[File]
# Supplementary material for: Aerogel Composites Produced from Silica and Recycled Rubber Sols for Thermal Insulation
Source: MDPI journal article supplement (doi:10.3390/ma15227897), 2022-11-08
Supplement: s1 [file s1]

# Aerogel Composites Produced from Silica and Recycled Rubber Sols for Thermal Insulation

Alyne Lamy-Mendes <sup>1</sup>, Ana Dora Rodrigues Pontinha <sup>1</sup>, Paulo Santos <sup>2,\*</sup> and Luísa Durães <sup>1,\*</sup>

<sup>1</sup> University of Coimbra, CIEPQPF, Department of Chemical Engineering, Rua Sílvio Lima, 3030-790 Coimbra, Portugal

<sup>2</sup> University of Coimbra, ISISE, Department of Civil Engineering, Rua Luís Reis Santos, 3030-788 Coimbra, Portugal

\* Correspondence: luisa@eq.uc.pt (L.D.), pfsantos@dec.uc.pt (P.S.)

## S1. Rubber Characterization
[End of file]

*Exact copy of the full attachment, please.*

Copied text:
# Supplementary material for: Aerogel Composites Produced from Silica and Recycled Rubber Sols for Thermal Insulation
Source: MDPI journal article supplement (doi:10.3390/ma15227897), 2022-11-08
Supplement: s1 [file s1]

# Aerogel Composites Produced from Silica and Recycled Rubber Sols for Thermal Insulation

Alyne Lamy-Mendes <sup>1</sup>, Ana Dora Rodrigues Pontinha <sup>1</sup>, Paulo Santos <sup>2,\*</sup> and Luísa Durães <sup>1,\*</sup>

<sup>1</sup> University of Coimbra, CIEPQPF, Department of Chemical Engineering, Rua Sílvio Lima, 3030-790 Coimbra, Portugal

<sup>2</sup> University of Coimbra, ISISE, Department of Civil Engineering, Rua Luís Reis Santos, 3030-788 Coimbra, Portugal

\* Correspondence: luisa@eq.uc.pt (L.D.), pfsantos@dec.uc.pt (P.S.)

## S1. Rubber Characterization